It’s got to be a very public courtship designed to get Amazon’s attention and persuade corporate executives to re-think one of their core requirements — that one million-plus threshold.
We could launch a video campaign, such as the one above. Or we could try some other unconventional approaches. TORC Robotics in Blacksburg is experimenting with self-driving cars. Send that car cross-country with a delegation to hand-deliver the official invite — as a way to showcase our technical talent. Or we come up with some other grass-roots ways to put ourselves on Amazon’s radar screen. Whatever it is has to be well thought-out and well-coordinated and emphasize the right message.
The message can’t be based on sentiment, or desire. Lots of places would love Amazon. We simply want to be able to make a sound, if unconventional, business case for why Amazon’s second headquarters doesn’t have to be in one of the usual suspects. Appeal to Amazon’s social conscience — not out of any sense of charity, but out of clear-eyed economic reality. Economic growth in this country is clustering in the big cities. It’s been doing that for a long time, of course, but that process is accelerating as the industrial age gives way to the information age. We can sit around all day long and brainstorm government policies that might change that. Here’s a chance for one of the leading players in the free market to actually do something about it in a very dramatic way.
Amazon is probably looking for another Seattle; people tend to gravitate to what they know. If you look at us the right way, Roanoke can legitimately claim to be the Seattle of the Blue Ridge. In fact, a few years ago, we had an unsuccessful city council candidate complain that we were turning into Seattle. Look at things broadly: Seattle was a transportation and manufacturing city at the base of a mountain until it became a technology town. That sounds an awful lot like Roanoke, just substitute the Mill Mountain Star for the Space Needle, and subtract the rain. We just need to expand the tech part.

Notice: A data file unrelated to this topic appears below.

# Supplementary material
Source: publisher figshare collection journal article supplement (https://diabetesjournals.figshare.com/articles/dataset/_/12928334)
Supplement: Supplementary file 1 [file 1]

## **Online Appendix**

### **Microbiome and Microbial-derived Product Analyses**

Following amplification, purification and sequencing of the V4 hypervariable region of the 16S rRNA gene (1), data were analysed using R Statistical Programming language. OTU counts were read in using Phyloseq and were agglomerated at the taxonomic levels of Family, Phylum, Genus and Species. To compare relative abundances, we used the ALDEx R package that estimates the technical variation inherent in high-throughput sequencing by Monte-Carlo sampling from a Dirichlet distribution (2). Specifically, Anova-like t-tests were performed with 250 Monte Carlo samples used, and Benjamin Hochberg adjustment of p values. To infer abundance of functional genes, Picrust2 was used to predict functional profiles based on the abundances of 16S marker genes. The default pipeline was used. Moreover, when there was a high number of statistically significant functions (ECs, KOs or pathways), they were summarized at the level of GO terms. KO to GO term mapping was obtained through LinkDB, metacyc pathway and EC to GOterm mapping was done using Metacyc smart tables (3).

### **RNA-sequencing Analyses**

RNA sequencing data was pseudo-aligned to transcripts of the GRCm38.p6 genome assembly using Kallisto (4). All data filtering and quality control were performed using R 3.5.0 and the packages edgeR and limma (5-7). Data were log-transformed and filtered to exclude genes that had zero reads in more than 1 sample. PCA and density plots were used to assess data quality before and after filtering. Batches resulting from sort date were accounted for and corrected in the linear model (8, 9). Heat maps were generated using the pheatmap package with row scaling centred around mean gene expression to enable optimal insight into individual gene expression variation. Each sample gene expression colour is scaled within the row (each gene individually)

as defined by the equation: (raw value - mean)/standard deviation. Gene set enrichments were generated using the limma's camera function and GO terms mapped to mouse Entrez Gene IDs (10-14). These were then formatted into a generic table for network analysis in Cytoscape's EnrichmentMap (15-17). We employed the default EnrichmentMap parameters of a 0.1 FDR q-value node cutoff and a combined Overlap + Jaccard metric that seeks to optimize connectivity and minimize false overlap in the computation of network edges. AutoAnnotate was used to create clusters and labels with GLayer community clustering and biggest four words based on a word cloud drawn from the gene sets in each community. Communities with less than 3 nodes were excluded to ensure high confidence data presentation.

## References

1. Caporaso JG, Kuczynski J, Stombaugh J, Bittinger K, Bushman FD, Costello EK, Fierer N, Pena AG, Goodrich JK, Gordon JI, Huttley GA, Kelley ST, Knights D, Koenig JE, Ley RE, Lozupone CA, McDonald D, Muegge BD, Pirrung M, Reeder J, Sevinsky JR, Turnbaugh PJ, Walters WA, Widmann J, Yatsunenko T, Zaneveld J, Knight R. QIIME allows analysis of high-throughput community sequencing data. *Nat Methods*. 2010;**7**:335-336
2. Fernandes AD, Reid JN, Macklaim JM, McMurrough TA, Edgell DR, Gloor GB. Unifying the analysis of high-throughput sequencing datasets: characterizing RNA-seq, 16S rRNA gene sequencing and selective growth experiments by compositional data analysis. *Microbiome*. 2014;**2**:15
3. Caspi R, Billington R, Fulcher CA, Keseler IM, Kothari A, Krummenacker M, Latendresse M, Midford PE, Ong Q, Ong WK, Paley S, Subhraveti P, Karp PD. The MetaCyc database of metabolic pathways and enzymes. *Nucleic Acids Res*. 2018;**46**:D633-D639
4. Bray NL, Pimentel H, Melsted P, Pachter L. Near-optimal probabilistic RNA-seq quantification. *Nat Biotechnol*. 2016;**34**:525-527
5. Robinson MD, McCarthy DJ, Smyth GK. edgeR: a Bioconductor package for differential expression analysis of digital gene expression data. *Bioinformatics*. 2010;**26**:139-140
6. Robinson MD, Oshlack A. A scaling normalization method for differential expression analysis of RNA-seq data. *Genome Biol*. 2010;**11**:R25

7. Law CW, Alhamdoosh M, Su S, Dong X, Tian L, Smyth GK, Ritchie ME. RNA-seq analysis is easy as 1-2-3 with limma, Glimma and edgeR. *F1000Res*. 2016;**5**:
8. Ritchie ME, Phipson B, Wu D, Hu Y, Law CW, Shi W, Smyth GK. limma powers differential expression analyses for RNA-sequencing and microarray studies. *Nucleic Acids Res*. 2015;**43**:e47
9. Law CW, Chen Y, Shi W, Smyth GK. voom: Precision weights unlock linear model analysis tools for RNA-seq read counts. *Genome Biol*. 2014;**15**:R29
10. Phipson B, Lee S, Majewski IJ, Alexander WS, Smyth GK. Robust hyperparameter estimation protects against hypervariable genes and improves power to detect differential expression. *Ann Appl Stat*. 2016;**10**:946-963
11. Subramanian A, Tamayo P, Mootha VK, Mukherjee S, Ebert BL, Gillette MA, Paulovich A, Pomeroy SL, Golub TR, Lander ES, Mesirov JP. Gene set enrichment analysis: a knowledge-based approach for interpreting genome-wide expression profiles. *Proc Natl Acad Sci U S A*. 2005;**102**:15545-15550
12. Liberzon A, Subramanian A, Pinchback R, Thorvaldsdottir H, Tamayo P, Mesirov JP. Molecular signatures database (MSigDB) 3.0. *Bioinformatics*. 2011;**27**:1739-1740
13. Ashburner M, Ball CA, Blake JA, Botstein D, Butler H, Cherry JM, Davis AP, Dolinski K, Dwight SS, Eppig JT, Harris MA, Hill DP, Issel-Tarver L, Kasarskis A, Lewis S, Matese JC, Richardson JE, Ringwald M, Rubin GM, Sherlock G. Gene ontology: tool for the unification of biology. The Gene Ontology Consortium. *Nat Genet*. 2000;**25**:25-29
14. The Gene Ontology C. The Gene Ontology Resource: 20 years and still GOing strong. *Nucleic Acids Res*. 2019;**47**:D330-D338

There is, however, another out-of-the-box contender. One of the cities that shows up on almost everybody’s list of candidate cities is Toronto. Amazon carefully spoke of a “North American” location and specifically asked for proposals from “states, provinces and metro areas.” Virginia Secretary of Commerce and Trade Todd Haymore thinks Amazon was sending an unmistakable signal there: Amazon could become a half-Canadian company.
The Toronto-Waterloo corridor is Canada’s Silicon Valley. Amazon chief executive Jeff Bezos — like other tech leaders — has clashed with President Trump on immigration policies. Canada pursues a bipartisan national policy of actively seeking immigrants, especially those with technical skills. Prime Minister Justin Trudeau would probably dig deep into his nation’s treasury to load up a Toronto offer with incentives.
Amazon would make a heck of a statement if it went to Toronto. It also would make one if it even just considered Roanoke.
Roanoke should press its case for Amazon to make the latter statement.